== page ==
Tuesday, March 31, 2009
I have not been so wholly taken by one piece of work as I have been for the past few days reading and re-reading An Imaginary life by David Malouf. The child, who is the child? Is he real, is he a dream that Ovid has created in his desperation of exile. Each moment for Ovid is new and can teach him a lesson; capturing the child, becoming the child. Has Ovid become the child and regressed to his youth in insanity? Or is he alive and well, living in the wanders of the abyss with a little boy who has not yet reached his man hood, his peak of life. The ending is so simple, along with the beginning. Each is beautiful and full of light and lovely language. The child is all consuming for Ovid, he is friends with the child, tries to teach him about life and finally he is learning from the child. The transformation for Ovid himself was in his journey with his child. It was in his growth and in his own mental and physical transformations that were similar to the Tales From Ovid. This book was a personal journey that is relatable to our own lives today in the relationships of the family and tribal members. The story behind this book is fanciful and plays with the idea of imagination and connecting with nature, which is a theme that is present still today. But it was so much more and holds so many more lessons about life and learning that are like nothing I have read before.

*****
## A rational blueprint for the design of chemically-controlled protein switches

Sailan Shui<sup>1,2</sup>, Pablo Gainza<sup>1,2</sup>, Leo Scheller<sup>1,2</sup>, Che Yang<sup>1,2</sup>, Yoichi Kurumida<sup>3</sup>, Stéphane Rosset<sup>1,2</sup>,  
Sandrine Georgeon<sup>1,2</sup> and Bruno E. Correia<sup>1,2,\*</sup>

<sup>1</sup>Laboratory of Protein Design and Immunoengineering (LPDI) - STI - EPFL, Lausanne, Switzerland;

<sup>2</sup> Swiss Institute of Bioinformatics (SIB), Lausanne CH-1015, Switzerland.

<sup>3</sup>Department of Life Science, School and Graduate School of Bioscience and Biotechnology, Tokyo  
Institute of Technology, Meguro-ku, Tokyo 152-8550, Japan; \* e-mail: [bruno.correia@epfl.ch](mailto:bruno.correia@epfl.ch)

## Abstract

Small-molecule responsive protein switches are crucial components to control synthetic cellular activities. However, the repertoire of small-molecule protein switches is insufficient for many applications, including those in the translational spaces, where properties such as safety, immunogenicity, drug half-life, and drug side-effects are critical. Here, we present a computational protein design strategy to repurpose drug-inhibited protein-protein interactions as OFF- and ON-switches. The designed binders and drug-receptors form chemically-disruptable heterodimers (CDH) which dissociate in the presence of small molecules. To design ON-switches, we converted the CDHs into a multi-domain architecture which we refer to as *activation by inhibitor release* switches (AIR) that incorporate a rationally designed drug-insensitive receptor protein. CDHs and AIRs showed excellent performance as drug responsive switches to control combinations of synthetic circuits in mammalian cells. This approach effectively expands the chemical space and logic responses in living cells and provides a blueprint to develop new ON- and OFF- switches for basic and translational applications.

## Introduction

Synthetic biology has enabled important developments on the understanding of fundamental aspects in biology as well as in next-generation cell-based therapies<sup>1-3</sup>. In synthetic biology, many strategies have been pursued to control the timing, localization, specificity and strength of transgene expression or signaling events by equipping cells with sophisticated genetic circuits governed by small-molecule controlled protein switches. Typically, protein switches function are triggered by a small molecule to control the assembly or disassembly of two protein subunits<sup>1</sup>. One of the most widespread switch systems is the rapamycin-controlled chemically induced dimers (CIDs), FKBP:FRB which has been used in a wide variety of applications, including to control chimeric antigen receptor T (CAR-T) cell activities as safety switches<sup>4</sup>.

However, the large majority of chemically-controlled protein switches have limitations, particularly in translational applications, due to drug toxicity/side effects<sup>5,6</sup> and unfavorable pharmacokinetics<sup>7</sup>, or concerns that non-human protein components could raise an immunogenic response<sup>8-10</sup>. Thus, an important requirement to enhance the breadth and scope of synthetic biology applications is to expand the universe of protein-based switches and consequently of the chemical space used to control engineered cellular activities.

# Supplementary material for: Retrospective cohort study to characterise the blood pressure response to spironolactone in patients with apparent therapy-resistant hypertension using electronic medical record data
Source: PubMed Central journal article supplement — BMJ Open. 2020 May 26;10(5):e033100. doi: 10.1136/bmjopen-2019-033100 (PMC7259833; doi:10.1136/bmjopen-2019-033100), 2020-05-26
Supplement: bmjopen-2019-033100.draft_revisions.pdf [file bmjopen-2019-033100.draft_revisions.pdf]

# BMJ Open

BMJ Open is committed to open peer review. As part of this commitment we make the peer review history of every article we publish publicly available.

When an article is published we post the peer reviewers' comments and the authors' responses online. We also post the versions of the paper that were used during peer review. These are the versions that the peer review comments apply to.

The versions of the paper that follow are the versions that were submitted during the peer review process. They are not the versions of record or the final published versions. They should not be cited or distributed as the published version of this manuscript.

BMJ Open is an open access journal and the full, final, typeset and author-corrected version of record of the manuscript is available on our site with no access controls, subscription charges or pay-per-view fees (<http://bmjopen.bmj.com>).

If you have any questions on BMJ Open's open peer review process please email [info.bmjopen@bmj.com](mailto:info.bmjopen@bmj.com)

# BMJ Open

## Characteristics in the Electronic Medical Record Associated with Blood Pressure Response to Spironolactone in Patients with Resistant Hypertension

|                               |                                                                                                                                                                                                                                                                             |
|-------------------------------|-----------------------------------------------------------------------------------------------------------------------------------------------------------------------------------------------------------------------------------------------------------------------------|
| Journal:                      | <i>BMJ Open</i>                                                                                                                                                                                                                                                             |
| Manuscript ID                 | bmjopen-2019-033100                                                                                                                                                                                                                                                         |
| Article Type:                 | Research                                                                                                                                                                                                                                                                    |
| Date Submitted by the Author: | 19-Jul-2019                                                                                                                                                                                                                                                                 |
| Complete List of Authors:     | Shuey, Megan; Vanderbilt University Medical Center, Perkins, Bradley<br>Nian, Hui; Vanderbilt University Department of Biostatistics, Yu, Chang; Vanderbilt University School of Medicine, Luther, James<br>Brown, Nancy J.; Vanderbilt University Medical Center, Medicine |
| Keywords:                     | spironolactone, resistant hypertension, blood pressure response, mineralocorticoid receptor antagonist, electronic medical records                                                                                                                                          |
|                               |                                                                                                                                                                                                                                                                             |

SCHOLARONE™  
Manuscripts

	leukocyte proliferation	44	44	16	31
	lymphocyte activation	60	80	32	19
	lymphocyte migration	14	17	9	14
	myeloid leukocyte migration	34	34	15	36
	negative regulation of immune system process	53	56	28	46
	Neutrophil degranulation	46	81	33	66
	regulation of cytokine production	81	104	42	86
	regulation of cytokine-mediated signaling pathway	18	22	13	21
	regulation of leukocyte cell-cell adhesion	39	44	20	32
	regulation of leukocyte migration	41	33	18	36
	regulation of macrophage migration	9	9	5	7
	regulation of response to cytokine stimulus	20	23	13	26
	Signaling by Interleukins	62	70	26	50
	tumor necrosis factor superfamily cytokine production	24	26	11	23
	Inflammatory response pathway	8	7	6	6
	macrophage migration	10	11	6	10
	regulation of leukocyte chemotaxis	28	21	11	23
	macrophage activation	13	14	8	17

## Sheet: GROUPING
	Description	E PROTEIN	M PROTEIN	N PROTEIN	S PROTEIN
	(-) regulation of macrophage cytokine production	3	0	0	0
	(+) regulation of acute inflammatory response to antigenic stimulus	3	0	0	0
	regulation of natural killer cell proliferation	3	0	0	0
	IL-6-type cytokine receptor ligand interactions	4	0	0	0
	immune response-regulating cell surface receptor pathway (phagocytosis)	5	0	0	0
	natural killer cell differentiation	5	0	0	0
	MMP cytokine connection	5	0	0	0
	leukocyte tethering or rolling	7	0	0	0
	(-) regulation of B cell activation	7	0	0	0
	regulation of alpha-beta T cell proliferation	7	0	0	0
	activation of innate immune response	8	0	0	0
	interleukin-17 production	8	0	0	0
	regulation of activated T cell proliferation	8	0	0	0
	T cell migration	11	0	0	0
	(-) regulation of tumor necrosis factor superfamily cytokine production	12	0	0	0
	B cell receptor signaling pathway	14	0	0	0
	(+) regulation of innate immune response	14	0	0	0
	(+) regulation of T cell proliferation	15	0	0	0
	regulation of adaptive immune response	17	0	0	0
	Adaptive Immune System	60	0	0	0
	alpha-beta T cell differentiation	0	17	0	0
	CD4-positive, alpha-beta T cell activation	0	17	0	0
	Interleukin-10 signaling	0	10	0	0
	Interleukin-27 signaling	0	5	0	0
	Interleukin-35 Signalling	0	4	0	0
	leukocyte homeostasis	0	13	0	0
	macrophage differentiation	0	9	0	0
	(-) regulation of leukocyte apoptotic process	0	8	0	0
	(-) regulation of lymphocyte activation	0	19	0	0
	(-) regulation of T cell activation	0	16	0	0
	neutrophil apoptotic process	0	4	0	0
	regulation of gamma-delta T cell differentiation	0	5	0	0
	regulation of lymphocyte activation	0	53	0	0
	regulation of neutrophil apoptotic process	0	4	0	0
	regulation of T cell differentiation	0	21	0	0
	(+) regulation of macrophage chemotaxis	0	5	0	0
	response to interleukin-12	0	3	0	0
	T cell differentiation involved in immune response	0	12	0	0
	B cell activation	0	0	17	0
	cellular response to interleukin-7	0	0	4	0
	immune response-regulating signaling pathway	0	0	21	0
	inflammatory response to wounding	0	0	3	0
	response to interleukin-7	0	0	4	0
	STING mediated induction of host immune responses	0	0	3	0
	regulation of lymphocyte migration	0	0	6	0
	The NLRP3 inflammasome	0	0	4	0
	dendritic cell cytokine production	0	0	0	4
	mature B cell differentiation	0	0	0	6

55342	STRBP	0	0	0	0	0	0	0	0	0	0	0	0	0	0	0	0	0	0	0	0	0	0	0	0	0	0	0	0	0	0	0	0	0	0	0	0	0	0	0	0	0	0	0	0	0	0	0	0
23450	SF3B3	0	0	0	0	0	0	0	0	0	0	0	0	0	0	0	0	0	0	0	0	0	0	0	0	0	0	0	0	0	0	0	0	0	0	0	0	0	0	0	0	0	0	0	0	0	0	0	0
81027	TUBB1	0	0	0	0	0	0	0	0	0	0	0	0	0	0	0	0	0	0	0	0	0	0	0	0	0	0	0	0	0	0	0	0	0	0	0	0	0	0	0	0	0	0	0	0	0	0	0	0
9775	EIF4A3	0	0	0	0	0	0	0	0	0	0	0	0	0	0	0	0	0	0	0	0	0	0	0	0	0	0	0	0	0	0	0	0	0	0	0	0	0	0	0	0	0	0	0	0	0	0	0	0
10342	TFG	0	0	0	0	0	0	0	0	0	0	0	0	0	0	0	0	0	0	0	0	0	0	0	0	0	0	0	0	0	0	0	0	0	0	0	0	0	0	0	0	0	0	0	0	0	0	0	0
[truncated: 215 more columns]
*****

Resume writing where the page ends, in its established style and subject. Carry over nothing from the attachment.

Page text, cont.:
For me, this book has touched different heart strings which have already been plucked through the duration of this class. While reading the Trojan Women by Euripides the queen of Troy has to put her grandson in his grave. Make him at home in his father’s shield; his last resting place now that Troy has fallen to Achilles and the Greek Kings. In An Imaginary Life, the old woman must also watch her grandson and care for him because he is on the verge of dying. However, he does not die and becomes well in the end it is her son that dies. The old woman is forced to bury her son and watch him die before her; being possessed by an animal spirit. Why is it that watching a child die before their time and before their parents is one of the hardest losses of human life? Life, it means to live with one’s self and the generations before and after, or so my grandmother tells me. But when I asked her what would cause her the most pain in this world she told me that loosing her daughter would be the hardest test of her life. To have to bury her body and watch her life end before hers is close to being over. That would be the hardest for any mother to endure. But I wonder if the pain of a mother losing a child is the same for a father? Is the suffering of men the same suffering of women?